n 15 September 1981, 10-year-old Ursula Herrmann headed home by bike from her cousin’s house. She never arrived. So began one of Germany’s most notorious postwar criminal cases, which remains contentious to this day. By Xan Rice
In the Alpine foothills in the far south of Germany is a vast lake called the Ammersee. Its shores are dotted with centuries-old villages where wealthy families from Munich buy large second homes and tourists drink beer at waterfront restaurants. At the north end of the lake is a pair of such villages, Eching am Ammersee and Schondorf, less than two miles apart. Separating them is a block of spruce forest that attracts hunters, joggers, mountain bikers and in the late summer 38 years ago, kidnappers preparing to commit what would become one of the country’s most notorious postwar crimes.
After class on Tuesday 15 September 1981, the first day of the new school year, a 10-year-old girl named Ursula Herrmann returned to her house in Eching. Ursula, the youngest of four siblings, practised piano with her oldest brother Michael, and then headed off to her late afternoon gymnastics lesson in Schondorf, cycling through the forest along the lakeside path. When the gym class was over, she went to her cousin’s house in Schondorf, where she ate dinner. At 7.20pm, Ursula’s mother phoned the aunt to say her daughter needed to come home. The shadows were lengthening but it was still light, and the cycle ride would only take 10 minutes.
Half an hour later, she was still not home. Her mother again called the aunt, who said Ursula had left 25 minutes before. Both of them immediately knew something was wrong. Ursula’s father rushed into the forest from Eching, and her uncle did the same from Schondorf. They met in the middle, along the path. Ursula’s name rang out through the darkening wood. But there was no reply.
Within an hour neighbours, police and firemen had joined the search, torch beams raking the water and struggling to penetrate the thick undergrowth. With midnight approaching, and rain falling, a sniffer dog led its handler away from the lake, into the brush. There, 20 metres from the path, was Ursula’s little red bike. But she was nowhere to be seen.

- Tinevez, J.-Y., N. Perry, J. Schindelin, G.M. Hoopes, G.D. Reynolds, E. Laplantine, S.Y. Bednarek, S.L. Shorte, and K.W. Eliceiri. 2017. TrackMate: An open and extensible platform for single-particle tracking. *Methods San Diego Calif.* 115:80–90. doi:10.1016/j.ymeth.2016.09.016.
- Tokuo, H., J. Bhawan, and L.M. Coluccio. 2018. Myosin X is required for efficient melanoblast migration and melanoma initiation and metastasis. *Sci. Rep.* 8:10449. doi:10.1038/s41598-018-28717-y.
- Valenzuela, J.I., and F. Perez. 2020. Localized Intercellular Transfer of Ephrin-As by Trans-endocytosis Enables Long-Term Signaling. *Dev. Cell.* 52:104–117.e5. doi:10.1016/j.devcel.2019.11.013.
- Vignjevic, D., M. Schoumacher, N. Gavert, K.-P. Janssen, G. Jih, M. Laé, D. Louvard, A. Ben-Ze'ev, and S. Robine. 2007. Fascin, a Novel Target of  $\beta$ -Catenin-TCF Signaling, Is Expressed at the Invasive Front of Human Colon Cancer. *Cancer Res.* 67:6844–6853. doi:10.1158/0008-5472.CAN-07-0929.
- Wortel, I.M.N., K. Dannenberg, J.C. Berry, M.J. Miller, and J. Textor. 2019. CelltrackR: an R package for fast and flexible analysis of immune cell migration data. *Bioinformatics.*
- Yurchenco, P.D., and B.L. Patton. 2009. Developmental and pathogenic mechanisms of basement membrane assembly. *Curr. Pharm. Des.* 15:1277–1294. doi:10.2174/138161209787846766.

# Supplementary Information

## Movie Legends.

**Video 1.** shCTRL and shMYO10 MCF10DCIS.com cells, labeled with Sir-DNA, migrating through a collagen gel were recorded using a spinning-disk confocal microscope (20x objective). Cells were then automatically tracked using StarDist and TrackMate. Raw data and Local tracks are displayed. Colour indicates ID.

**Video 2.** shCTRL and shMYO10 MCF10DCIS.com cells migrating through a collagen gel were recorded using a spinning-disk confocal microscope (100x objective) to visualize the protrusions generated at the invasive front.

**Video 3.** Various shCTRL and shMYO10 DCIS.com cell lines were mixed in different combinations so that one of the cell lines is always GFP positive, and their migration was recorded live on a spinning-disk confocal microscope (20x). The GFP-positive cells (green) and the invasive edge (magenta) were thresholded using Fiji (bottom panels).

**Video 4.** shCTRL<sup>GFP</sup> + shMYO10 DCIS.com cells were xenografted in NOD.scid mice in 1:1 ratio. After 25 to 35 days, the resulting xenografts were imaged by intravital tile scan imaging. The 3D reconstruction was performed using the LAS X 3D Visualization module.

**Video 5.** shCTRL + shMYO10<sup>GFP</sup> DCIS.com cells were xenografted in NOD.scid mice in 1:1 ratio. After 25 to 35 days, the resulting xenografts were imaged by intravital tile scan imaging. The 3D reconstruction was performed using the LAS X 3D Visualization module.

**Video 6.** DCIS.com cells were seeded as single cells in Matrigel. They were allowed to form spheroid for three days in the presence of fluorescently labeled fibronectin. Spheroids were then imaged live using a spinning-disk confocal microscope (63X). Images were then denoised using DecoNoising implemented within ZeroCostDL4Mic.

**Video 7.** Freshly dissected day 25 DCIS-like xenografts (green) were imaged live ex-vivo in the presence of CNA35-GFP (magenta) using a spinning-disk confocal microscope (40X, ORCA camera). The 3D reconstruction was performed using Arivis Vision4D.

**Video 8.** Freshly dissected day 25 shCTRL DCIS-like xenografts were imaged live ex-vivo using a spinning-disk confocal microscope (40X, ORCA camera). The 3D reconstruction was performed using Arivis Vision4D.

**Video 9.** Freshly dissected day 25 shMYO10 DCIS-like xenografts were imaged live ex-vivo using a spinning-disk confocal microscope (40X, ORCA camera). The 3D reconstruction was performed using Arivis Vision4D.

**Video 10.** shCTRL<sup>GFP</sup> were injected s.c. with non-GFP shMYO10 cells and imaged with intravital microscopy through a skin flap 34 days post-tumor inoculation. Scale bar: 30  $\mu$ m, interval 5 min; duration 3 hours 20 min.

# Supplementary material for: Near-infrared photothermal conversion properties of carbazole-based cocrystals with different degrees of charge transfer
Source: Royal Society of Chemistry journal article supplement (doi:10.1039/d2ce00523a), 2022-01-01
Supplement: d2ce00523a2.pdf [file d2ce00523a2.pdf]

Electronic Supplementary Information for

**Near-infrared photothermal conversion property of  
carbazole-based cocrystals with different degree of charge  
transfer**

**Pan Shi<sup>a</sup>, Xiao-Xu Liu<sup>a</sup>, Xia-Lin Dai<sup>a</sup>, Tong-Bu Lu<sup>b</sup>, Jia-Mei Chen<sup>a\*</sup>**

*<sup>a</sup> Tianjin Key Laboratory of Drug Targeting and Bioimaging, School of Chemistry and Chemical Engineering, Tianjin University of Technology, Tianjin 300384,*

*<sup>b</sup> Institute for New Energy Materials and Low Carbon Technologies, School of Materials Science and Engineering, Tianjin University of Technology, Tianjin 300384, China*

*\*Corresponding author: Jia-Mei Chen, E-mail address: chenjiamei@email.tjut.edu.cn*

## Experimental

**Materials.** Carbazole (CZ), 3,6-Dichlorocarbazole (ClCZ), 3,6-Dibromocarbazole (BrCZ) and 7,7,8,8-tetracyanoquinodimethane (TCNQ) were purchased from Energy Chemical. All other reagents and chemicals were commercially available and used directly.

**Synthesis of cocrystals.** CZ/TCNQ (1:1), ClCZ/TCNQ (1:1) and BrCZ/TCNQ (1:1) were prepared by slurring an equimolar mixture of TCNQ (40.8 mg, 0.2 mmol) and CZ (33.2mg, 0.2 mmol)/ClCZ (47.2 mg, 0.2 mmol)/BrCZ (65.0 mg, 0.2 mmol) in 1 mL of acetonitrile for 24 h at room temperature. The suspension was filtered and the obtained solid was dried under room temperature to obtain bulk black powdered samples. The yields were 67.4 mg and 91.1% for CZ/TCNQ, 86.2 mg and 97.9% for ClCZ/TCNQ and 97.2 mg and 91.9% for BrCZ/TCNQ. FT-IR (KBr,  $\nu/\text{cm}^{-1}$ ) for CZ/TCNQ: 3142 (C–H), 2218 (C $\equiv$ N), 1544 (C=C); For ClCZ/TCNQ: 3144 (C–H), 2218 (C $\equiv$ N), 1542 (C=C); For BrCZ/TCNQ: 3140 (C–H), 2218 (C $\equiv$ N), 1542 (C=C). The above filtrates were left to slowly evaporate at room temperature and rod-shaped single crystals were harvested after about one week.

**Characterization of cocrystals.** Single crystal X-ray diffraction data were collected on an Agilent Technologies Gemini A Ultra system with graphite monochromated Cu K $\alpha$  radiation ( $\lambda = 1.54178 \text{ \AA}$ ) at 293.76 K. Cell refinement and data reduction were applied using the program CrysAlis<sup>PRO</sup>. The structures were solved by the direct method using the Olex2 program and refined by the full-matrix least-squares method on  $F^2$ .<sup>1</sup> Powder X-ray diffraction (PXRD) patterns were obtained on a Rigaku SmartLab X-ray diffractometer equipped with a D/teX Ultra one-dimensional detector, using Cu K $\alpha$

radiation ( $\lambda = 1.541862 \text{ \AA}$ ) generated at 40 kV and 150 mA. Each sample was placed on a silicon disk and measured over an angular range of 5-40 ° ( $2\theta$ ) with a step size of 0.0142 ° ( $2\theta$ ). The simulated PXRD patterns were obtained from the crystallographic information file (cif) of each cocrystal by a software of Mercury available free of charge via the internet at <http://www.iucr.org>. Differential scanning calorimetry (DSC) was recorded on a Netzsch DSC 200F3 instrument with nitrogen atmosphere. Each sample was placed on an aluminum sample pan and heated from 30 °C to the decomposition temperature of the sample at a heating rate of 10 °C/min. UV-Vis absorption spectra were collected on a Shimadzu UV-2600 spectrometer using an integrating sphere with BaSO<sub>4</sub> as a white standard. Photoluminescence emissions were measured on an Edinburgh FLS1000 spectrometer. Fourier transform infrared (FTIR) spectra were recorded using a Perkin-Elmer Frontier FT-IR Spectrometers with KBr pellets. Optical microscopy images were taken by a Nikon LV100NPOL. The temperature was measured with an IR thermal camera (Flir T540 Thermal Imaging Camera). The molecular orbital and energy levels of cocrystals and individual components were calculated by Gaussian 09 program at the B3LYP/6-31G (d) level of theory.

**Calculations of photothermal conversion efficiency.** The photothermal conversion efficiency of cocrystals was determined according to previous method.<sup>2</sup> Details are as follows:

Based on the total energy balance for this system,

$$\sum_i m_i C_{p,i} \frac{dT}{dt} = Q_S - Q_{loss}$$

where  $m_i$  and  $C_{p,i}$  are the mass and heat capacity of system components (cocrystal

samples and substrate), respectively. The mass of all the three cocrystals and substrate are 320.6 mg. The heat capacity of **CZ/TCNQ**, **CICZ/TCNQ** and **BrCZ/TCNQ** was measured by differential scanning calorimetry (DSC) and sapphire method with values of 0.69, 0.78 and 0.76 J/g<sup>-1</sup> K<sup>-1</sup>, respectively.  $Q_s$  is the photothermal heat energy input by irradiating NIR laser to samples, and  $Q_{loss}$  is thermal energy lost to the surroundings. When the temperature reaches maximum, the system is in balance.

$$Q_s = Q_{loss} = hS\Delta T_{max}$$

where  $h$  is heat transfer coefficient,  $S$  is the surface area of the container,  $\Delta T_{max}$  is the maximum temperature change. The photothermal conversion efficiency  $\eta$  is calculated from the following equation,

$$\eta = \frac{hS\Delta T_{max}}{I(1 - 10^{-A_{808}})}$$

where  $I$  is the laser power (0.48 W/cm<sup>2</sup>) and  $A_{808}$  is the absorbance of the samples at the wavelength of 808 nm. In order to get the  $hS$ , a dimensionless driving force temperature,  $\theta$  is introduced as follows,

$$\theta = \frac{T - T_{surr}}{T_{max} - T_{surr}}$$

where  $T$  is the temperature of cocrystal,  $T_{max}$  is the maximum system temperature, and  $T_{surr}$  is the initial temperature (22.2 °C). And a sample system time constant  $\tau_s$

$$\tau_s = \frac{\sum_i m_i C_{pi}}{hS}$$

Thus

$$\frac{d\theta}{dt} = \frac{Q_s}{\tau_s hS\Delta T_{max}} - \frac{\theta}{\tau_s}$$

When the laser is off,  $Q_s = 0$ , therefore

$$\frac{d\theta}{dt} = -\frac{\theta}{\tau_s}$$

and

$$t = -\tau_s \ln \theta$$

At first light the search intensified. Dozens of officers wearing raincoats and rubber boots spread out through the dense forest, on the border of which stands Landheim Schondorf, an expensive private school founded in 1905 and favoured by Bavaria’s political and business elite. As a helicopter hovered overhead, a police boat and divers scanned the shallows of the lake. Local radio carried the shocking news of the missing girl in an idyllic part of the country: 1.43m (4ft 7in) tall with short blonde hair, wearing dark green cords, a grey woollen cardigan and red-brown sandals; the daughter of a teacher and a housewife.
On the Thursday morning, when Ursula had been missing for more than 36 hours, the phone rang in the Herrmann house. When Ursula’s parents picked up there was silence, and then a short, familiar jingle, which they recognised from the traffic bulletin on the Bayern 3 radio station. More silence ensued, and then the jingle played again before the caller hung up. Three more similar calls – baffling and sinister – followed over a period of hours. A team from the local police department, now stationed inside the Herrmann home, began recording the calls.